Busua (W/R), Feb. 11, GNA - The Medical and Dental Council of Ghana has accredited the Effia-Nkwanta Regional Hospital at Sekondi to train housemen in surgery, obstetrics and gynaecology, Mr Joseph Boahene Aidoo, Western Regional Minister, announced on Friday.
The announcement was contained in an address read for him by Mr Philip Kwesi Nkrumah, Shama-Ahanta East Metropolitan Chief Executive, at the 2005 Annual Performance Review Meeting of the Regional Ghana Health Service (GHS) at Busua, near Takoradi.
The meeting was on the theme: "Quality Data for Enhanced Performance".
Mr Aidoo urged the staff of the Hospital to work harder in order to gain accreditation in other disciplines such as medicine and paediatrics.
He said malaria continued to be the number one cause of morbidity and mortality in the Region, accounting for 44.4 percent of out-patient attendance, 23.4 percent of hospital admissions and 17.2 percent of deaths.
Mr Aidoo said: "We have to intensify the fight against malaria by using cost-effective bed nets and intermittent preventive treatment for malaria in pregnancy".
Mr Aidoo urged district directors of health to liaise with the district assemblies to implement preventive measures using the one percent of the District Assembly Common Fund earmarked for malaria. He said the Global Fund had allocated 1.2 billion cedis to the Region to employ specific malaria control activities and further urged district health directors to ensure judicious use of Global Funds for malaria control programmes.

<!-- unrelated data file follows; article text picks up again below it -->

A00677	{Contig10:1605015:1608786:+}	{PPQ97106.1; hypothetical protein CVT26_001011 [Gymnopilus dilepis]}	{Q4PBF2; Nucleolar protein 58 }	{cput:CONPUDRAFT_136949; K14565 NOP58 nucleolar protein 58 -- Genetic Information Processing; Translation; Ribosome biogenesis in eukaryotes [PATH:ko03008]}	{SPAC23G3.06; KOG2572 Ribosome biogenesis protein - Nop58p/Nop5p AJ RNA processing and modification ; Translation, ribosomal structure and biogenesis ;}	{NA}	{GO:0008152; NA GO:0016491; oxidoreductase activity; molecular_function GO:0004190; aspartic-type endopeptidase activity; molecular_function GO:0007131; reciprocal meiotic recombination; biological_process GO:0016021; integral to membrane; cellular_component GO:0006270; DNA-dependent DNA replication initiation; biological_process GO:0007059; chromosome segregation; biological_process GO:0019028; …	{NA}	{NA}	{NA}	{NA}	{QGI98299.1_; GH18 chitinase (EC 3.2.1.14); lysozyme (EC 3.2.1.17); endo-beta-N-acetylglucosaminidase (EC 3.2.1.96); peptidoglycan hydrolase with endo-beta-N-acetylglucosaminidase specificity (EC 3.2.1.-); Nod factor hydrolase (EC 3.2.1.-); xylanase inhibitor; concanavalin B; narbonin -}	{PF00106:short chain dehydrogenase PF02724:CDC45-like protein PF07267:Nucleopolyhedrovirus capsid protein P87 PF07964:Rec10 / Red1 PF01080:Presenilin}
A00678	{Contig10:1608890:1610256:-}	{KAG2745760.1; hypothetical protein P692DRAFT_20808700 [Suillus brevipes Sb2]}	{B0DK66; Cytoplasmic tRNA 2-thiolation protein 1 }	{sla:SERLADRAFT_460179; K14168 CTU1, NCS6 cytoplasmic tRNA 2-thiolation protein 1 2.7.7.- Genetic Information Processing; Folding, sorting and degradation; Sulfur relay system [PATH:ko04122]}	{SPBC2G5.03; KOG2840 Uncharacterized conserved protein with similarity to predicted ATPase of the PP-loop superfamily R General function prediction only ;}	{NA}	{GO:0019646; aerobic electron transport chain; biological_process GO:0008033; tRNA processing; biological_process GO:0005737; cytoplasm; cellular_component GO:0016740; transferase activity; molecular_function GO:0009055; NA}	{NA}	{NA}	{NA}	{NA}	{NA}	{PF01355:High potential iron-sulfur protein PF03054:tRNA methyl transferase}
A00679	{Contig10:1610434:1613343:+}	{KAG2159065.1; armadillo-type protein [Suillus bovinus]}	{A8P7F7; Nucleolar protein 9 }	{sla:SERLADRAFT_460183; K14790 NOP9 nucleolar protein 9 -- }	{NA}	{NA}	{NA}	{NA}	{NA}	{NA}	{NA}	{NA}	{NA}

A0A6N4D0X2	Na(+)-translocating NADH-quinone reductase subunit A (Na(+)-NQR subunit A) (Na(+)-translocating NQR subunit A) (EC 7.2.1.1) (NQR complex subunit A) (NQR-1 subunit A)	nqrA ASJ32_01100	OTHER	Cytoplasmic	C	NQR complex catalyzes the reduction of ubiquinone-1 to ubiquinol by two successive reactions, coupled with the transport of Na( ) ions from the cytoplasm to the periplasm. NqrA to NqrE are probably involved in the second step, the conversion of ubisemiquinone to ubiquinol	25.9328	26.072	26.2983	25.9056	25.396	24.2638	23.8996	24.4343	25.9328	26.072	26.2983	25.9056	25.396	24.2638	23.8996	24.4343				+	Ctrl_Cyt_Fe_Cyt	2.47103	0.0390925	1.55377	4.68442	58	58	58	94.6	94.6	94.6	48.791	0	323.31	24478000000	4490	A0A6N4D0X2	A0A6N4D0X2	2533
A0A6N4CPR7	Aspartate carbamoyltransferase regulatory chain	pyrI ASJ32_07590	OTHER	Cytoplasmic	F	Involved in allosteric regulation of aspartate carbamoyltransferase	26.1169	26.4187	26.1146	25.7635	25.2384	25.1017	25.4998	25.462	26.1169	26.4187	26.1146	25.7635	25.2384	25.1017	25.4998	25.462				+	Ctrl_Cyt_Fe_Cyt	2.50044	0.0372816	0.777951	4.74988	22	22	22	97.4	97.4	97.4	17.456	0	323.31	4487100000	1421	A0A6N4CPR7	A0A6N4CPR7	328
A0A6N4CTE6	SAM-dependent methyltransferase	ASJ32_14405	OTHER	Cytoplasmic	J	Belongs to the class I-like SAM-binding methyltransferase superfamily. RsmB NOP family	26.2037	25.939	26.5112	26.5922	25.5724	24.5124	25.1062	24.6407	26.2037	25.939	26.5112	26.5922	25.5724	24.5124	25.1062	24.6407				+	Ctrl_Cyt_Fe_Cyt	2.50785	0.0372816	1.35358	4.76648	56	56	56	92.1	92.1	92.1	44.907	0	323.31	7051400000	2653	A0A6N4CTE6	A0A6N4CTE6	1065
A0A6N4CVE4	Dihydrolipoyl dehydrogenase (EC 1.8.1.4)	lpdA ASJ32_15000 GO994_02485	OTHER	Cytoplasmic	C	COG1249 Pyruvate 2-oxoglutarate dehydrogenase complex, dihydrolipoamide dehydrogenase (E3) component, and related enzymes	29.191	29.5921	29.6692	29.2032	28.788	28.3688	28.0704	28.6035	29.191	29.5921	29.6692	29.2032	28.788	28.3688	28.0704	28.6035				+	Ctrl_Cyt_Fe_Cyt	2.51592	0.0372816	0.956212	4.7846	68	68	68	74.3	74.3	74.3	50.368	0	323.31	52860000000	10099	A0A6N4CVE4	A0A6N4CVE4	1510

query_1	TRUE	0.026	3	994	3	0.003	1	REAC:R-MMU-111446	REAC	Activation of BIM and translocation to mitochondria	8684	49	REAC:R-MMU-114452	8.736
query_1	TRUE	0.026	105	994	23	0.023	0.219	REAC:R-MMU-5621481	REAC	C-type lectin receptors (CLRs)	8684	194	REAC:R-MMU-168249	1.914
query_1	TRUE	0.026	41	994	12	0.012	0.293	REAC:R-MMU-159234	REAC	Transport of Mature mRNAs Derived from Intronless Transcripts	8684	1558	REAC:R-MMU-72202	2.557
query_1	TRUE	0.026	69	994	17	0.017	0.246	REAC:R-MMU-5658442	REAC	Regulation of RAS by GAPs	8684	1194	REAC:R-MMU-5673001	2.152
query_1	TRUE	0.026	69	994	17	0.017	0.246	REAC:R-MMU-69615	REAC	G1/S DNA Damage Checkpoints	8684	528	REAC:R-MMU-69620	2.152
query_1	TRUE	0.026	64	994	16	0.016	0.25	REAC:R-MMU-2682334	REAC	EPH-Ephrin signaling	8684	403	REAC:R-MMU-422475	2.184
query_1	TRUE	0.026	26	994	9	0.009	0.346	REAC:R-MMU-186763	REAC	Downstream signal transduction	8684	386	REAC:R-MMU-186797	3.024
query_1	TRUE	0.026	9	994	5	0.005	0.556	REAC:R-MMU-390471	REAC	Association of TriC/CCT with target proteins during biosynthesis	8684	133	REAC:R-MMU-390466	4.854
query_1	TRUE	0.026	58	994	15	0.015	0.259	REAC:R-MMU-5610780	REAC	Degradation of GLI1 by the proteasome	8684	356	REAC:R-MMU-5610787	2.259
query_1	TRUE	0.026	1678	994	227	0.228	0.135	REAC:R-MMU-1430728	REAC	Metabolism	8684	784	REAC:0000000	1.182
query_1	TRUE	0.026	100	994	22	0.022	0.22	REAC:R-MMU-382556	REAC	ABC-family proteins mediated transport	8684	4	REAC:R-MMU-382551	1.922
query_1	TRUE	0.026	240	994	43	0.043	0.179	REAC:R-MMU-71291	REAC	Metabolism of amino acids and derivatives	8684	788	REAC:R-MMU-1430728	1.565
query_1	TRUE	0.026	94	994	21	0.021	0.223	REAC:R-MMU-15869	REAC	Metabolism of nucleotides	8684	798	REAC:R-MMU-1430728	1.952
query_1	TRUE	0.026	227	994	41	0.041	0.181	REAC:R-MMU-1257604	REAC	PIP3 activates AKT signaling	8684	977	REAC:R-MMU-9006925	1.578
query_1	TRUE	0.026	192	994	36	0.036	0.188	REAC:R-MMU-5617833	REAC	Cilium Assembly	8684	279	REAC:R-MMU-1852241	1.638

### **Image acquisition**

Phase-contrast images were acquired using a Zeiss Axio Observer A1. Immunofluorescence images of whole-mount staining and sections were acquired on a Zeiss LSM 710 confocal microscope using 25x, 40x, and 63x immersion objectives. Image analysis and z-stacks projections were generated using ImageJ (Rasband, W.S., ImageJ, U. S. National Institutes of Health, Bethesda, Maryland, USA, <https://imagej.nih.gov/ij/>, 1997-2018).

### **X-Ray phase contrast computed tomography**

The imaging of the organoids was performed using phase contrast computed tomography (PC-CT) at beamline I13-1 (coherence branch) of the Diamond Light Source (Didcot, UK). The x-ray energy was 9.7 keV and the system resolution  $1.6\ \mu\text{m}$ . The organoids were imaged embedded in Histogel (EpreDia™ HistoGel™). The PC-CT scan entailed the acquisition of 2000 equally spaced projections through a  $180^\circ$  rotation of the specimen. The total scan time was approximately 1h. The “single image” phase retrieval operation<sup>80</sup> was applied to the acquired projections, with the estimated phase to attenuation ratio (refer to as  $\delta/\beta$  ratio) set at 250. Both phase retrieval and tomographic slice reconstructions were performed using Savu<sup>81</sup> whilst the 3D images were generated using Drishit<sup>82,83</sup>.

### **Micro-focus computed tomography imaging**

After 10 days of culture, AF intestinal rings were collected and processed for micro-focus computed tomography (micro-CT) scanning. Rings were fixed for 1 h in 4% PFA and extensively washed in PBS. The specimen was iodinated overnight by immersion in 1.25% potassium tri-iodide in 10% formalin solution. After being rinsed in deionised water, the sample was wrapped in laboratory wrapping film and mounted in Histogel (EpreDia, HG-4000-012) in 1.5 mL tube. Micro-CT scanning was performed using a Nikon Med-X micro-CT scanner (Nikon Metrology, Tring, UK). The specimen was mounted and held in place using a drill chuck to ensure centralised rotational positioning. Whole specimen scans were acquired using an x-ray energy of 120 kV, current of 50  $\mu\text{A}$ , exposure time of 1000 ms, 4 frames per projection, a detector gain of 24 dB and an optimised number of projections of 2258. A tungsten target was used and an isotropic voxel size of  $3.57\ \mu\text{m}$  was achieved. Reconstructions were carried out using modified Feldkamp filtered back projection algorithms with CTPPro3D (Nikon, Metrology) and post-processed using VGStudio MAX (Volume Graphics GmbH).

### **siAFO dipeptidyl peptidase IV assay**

Mr Aidoo said Reproductive and Child Health Services saw some improvements in 2005 and school health coverage also increased from 33.4 percent to 55 percent.
He said: "There were drops in performance for supervised delivery and family planning".
Mr Aidoo said antenatal coverage ranged from 58 percent in the Mpohor Wassa East District to 123.3 percent in the Aowin-Suaman District.
He said despite the high antenatal care coverage, low skilled supervised delivery rates remained a major constraint to be overcome in the Region and maternal mortality was unacceptably high. He said teenage pregnancy was on the increase and the Region had a high rate of 18.1 percent. The Jomoro District recorded the highest teenage pregnancy rate.
Mr Aidoo urged the District Health Team to develop innovative strategies to help reduce the high teenage pregnancy rate in the area.
Mr Aidoo announced that 13 out the 14 Mutual Health Schemes in the Region had taken off and had started offering benefits to registered clients.
He said it only the Scheme in the Wassa Amenfi East District was yet to offer benefits to the people. Dr Sylvester Anemana, Regional Director of Health, said 2005 institutional data showed that maternal death was on the increase in the Region and that every maternal death would be investigated to find solution to the problem.
Dr Anemana said poor road network in rural communities, the lack of equipment and logistics affected outreach programmes. He said the lack of adequate medical staff and accommodation also affected health delivery in some areas. Dr Anemana said the Regional GHS would improve access to health facilities, facilitate the National Health Insurance Scheme and outreach programmes this year.
He said Safe Motherhood project and Family Services would also be strengthened.
Dr Anemana said nurses in the Region were not leaving the service for greener pastures as before but many nurses were aged and would soon retire.
He said there were plans to open more nursing training colleges and increase the intake into existing ones. 11 Feb. 06